I am a follower of stocks. So other than the house I live in, 95-96% of my asset allocation is in stocks. I currently have some money. But generally speaking, I am fully invested in stocks. I don’t invest in debt, real estate, gold, or commodities.

Is it entirely through your PMS (portfolio management service) strategies, or directly through stocks or mutual funds?

Much of my personal equity investing is in my PMS strategies. I have private equity investments. It’s not a regular allocation, but if I find something really interesting, I allocate it to private equity. We do not do private equity for our clients. I think my private equity allocation would be 10%, direct equity would be 20%, and PMS would be 70%.

Have you changed market cap segments (large, mid and small cap) in the past year?

Not really, I’m a very long term investor. We don’t usually make these tactical changes. I’m a very bottom-up equity investor; So wherever I see the best opportunities, I invest, whether it’s large, mid or small cap stocks. But I think very recently we had a pretty decent correction in small caps and we made some investments in that space.

Is the money you keep an emergency fund or is it meant to be deployed in the markets when you see the opportunity?

I usually keep some money around because it comes in handy when you have a great opportunity, when there’s a big sell-off, or even if you find a great opportunity in the market. I don’t always calculate it but it could be 2-5%, it really depends on when. But overall, I’m fully invested in equity.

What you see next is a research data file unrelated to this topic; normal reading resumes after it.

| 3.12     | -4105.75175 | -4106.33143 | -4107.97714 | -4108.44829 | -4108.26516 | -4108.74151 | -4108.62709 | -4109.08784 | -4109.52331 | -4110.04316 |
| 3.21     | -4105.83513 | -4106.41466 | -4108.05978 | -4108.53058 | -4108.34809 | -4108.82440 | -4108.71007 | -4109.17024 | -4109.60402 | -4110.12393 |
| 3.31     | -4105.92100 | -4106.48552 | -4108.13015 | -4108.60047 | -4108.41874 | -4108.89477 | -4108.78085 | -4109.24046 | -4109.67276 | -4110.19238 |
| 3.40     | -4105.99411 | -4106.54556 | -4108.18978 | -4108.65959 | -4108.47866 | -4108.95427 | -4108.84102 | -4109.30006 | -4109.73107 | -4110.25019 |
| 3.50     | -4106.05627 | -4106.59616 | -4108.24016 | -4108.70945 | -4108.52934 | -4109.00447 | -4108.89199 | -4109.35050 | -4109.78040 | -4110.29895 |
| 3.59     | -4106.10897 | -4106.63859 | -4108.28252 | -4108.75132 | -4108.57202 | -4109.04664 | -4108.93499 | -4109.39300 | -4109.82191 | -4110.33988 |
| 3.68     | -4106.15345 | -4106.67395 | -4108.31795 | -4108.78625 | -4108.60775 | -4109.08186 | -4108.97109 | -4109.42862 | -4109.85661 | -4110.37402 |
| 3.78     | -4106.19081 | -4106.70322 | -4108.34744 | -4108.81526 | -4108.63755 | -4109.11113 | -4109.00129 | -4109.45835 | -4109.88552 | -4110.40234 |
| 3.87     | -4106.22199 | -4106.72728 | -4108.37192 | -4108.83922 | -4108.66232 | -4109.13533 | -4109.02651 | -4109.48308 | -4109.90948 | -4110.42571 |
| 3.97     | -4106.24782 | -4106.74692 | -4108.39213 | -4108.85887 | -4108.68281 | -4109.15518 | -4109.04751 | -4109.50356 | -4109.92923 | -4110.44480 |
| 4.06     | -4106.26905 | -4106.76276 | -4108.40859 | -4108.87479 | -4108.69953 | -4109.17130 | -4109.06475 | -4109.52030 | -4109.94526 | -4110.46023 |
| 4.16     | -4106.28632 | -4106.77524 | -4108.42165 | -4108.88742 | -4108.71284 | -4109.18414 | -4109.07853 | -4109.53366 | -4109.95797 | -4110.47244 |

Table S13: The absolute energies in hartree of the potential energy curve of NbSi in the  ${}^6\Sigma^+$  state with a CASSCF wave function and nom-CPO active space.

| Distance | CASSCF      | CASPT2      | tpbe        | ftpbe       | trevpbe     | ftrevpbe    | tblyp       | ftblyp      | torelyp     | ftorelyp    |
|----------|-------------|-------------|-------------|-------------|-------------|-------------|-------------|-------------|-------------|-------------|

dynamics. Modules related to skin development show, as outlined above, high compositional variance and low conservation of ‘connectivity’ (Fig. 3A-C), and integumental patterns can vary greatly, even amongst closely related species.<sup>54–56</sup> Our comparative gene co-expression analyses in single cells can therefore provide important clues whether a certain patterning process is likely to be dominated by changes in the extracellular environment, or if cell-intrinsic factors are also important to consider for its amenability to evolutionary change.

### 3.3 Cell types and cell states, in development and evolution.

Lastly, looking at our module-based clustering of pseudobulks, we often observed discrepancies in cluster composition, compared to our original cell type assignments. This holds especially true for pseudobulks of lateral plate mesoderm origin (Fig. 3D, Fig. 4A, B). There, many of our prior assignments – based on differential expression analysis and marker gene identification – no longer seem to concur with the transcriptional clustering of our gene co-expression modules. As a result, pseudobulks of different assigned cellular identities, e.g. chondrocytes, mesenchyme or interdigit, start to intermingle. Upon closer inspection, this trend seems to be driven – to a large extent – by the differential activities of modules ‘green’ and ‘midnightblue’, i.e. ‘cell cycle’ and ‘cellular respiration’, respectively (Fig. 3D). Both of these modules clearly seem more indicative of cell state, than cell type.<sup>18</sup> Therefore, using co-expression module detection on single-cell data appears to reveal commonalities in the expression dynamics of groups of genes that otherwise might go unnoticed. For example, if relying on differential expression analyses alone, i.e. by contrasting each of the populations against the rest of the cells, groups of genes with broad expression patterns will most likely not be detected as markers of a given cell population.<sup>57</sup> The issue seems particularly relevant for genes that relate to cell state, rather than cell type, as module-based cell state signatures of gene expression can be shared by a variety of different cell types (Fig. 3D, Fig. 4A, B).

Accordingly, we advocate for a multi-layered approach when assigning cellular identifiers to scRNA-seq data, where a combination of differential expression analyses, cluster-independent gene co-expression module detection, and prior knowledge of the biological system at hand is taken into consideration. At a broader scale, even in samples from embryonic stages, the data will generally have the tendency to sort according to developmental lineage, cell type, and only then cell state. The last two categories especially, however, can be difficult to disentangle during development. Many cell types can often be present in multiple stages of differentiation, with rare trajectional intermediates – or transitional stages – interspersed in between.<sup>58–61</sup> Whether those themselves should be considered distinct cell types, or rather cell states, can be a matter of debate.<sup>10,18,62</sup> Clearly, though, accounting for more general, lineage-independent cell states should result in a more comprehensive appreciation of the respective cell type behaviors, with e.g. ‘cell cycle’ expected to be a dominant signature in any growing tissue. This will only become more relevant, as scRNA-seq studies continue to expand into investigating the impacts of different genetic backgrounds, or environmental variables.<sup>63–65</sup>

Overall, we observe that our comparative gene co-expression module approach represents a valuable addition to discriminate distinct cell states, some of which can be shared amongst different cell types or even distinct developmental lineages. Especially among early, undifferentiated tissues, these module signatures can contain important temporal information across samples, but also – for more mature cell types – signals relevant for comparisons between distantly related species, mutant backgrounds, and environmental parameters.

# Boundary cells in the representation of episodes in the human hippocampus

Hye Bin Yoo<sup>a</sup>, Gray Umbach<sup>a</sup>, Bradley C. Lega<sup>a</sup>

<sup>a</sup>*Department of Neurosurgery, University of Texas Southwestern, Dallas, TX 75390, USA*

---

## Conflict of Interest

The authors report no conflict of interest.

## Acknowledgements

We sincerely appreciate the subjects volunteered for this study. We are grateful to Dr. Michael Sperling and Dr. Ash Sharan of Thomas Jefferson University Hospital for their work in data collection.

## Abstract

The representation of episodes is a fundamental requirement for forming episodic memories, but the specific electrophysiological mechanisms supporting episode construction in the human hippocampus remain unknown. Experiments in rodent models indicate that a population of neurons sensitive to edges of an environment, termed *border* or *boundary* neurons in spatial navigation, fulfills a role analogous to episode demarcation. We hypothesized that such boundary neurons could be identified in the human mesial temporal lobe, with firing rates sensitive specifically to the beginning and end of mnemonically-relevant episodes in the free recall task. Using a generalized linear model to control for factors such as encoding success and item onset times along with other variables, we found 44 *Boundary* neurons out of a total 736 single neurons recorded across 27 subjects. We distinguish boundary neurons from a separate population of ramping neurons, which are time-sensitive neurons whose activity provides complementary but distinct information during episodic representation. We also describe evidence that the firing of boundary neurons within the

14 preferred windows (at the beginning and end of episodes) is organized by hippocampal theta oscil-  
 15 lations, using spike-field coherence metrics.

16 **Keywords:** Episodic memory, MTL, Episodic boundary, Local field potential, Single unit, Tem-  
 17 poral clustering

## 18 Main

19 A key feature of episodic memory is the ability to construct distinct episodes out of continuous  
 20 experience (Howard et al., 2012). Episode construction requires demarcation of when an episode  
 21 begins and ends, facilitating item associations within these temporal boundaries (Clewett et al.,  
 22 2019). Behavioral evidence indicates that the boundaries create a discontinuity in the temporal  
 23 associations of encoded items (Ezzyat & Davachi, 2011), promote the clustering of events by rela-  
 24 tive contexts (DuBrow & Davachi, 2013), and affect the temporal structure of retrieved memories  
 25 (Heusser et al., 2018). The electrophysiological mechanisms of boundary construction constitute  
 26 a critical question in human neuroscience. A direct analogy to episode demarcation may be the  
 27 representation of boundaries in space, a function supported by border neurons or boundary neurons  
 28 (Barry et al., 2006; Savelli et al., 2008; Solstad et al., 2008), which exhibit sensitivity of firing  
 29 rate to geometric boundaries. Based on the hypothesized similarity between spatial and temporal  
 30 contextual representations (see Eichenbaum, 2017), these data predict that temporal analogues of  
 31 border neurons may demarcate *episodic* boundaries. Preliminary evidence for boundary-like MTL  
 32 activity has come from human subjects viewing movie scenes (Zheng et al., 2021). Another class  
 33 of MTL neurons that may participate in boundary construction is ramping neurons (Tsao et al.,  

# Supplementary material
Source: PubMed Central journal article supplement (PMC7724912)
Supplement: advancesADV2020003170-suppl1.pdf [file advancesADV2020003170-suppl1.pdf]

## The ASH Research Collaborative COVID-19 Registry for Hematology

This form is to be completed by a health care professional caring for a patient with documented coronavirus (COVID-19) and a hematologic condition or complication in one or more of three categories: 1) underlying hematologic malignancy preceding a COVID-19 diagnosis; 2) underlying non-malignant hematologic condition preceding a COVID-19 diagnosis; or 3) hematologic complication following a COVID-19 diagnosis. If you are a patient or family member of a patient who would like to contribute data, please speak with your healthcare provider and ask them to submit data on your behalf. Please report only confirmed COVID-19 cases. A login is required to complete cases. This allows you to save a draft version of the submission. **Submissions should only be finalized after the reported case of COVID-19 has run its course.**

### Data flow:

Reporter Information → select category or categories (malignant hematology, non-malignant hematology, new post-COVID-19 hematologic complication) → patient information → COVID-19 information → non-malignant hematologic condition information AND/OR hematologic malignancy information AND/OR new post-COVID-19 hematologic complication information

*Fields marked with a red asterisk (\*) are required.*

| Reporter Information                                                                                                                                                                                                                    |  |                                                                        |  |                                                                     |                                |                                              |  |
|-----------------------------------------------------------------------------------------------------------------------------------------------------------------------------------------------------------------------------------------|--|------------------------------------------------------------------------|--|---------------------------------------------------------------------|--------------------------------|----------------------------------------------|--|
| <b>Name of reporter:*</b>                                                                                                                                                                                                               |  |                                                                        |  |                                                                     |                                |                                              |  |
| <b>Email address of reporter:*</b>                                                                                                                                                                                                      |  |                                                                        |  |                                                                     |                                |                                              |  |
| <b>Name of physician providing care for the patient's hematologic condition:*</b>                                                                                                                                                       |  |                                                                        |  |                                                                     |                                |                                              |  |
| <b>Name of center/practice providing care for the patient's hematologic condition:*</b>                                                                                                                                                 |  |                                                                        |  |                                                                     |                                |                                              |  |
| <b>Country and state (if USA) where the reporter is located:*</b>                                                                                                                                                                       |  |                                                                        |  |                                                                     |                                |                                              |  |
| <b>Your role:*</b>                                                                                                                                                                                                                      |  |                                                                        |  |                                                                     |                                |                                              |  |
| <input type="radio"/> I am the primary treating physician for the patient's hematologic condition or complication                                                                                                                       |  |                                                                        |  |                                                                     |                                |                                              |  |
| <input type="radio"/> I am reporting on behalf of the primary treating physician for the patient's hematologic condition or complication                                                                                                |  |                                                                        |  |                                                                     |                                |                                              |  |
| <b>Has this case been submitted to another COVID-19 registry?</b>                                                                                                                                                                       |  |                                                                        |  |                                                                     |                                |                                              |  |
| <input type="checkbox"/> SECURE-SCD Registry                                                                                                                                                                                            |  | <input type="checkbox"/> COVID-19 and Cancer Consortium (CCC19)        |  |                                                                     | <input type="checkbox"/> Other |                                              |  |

Do you have life insurance?

I don’t have life insurance. I have health insurance through my company. And I think my dad must have taken a little policy on top of what the company gave. I don’t do life insurance because for me, everything is my wallet. If I need anything, I can always tap into my portfolio.

So you think your wallet is more than enough for your family in case something happens to you?

I have always thought that even the life insurance premium I would prefer to invest (in stocks) for the very long term, and whatever my portfolio should be enough for any emergency. Not just me, but even my dad or my family, have always had a substantial portion of our equity investments. As a family, we’ve been investing for 50-60 years and we’ve seen what compounding can do. We believe our portfolio is our life insurance.

Was your father also in the financial markets?

My father started out in the industry. My father and his brothers ran a small packaging and printing business. He finished his studies and immediately went into business. Then a few years into the business he started paying less attention to the business which was largely run by his brothers and started becoming a full time investor. It was in the late 60s and early 70s.